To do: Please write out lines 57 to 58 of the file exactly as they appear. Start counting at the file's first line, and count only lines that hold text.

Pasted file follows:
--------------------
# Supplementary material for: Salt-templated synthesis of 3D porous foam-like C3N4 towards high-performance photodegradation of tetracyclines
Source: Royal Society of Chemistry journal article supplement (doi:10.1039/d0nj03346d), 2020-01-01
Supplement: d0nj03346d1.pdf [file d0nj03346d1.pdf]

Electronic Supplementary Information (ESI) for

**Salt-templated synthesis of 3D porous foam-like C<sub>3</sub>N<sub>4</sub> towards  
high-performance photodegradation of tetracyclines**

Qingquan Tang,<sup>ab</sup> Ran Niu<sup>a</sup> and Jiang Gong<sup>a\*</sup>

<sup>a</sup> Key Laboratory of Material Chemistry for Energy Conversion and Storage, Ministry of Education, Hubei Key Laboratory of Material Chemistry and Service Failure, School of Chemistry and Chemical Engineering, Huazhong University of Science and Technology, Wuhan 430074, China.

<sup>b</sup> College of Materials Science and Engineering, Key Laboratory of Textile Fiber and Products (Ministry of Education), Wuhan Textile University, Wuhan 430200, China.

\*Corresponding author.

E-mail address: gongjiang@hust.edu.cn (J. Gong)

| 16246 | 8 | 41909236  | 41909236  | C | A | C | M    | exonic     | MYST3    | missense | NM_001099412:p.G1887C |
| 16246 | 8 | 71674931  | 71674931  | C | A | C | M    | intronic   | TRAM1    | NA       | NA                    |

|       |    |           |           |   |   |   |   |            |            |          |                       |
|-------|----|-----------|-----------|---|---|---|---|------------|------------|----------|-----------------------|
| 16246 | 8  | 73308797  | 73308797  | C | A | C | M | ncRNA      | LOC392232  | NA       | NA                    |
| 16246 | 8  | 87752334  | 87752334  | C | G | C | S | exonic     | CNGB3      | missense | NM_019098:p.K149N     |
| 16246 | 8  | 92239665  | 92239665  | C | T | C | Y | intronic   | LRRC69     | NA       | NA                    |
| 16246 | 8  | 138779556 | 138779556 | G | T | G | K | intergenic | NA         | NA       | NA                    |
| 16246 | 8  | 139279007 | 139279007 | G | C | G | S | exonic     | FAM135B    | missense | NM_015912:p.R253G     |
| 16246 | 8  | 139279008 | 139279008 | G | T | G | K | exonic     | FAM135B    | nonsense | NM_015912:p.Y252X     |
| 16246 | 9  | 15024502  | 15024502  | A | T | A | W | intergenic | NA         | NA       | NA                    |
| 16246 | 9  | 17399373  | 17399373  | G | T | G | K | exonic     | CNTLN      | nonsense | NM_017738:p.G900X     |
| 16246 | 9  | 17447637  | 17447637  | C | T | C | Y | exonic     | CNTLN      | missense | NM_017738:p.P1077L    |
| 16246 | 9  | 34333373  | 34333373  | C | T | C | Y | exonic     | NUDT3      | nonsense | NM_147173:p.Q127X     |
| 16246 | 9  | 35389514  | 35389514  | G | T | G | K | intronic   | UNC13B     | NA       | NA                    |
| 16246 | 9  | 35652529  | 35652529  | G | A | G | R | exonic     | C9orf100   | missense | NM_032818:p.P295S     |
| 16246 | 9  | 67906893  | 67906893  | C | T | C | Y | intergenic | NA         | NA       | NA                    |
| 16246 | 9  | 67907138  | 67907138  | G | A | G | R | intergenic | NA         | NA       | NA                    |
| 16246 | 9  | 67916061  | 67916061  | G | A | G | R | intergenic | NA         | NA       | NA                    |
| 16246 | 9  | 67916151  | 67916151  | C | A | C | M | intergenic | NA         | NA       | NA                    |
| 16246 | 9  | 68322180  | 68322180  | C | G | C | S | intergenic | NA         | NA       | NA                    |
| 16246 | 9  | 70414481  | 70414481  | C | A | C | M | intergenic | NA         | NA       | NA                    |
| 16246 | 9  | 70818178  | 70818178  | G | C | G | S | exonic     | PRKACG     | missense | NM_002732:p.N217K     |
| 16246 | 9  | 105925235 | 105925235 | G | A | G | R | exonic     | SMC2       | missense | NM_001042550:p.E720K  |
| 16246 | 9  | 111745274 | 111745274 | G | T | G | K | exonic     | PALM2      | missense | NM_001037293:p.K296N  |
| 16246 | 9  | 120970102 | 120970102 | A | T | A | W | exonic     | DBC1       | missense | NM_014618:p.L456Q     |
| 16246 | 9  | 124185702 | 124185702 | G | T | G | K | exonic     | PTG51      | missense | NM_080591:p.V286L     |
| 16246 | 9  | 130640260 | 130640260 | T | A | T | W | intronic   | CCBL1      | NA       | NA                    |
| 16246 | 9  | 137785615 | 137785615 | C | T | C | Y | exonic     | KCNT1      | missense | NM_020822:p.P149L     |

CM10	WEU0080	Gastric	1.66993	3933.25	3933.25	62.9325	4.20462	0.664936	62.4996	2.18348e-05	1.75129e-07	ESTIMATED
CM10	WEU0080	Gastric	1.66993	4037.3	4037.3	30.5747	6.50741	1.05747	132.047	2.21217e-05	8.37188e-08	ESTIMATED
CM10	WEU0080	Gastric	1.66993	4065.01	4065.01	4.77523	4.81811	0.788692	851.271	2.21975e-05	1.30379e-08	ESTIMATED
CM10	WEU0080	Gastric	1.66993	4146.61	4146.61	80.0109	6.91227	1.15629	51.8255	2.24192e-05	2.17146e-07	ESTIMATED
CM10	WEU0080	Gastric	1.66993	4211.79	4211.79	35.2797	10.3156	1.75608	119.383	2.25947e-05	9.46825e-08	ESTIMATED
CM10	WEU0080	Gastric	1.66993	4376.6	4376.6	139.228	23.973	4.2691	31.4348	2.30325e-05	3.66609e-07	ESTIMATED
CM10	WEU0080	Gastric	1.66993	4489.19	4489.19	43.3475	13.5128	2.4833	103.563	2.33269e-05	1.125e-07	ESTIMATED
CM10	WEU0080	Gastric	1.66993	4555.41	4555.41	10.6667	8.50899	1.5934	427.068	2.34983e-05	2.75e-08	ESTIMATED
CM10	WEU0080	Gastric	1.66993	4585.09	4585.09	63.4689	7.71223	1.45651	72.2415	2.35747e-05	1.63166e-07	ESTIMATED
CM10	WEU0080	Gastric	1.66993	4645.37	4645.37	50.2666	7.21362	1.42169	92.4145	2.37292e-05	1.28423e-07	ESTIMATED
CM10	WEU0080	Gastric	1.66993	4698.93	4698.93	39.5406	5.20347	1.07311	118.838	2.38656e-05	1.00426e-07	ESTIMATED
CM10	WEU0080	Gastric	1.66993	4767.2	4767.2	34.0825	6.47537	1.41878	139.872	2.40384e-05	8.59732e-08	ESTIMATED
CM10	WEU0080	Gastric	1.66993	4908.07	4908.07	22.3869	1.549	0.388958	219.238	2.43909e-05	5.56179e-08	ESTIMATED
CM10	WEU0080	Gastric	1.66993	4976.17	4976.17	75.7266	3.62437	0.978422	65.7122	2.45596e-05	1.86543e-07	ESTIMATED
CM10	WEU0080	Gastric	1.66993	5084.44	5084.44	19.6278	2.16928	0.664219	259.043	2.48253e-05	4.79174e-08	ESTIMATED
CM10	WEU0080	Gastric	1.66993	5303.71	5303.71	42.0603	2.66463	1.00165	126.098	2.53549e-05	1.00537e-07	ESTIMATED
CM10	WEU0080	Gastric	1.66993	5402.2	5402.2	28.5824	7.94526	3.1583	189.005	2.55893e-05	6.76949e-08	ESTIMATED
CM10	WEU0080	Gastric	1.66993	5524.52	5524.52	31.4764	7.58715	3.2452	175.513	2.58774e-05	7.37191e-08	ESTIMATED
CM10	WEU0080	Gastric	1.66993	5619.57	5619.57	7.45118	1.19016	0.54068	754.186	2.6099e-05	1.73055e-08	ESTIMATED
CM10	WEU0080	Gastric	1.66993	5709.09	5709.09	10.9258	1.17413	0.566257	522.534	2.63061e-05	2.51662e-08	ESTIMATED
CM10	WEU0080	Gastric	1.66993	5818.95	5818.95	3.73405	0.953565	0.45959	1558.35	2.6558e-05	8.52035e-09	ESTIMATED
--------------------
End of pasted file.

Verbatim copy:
CM10	WEU0080	Gastric	1.66993	5402.2	5402.2	28.5824	7.94526	3.1583	189.005	2.55893e-05	6.76949e-08	ESTIMATED
CM10	WEU0080	Gastric	1.66993	5524.52	5524.52	31.4764	7.58715	3.2452	175.513	2.58774e-05	7.37191e-08	ESTIMATED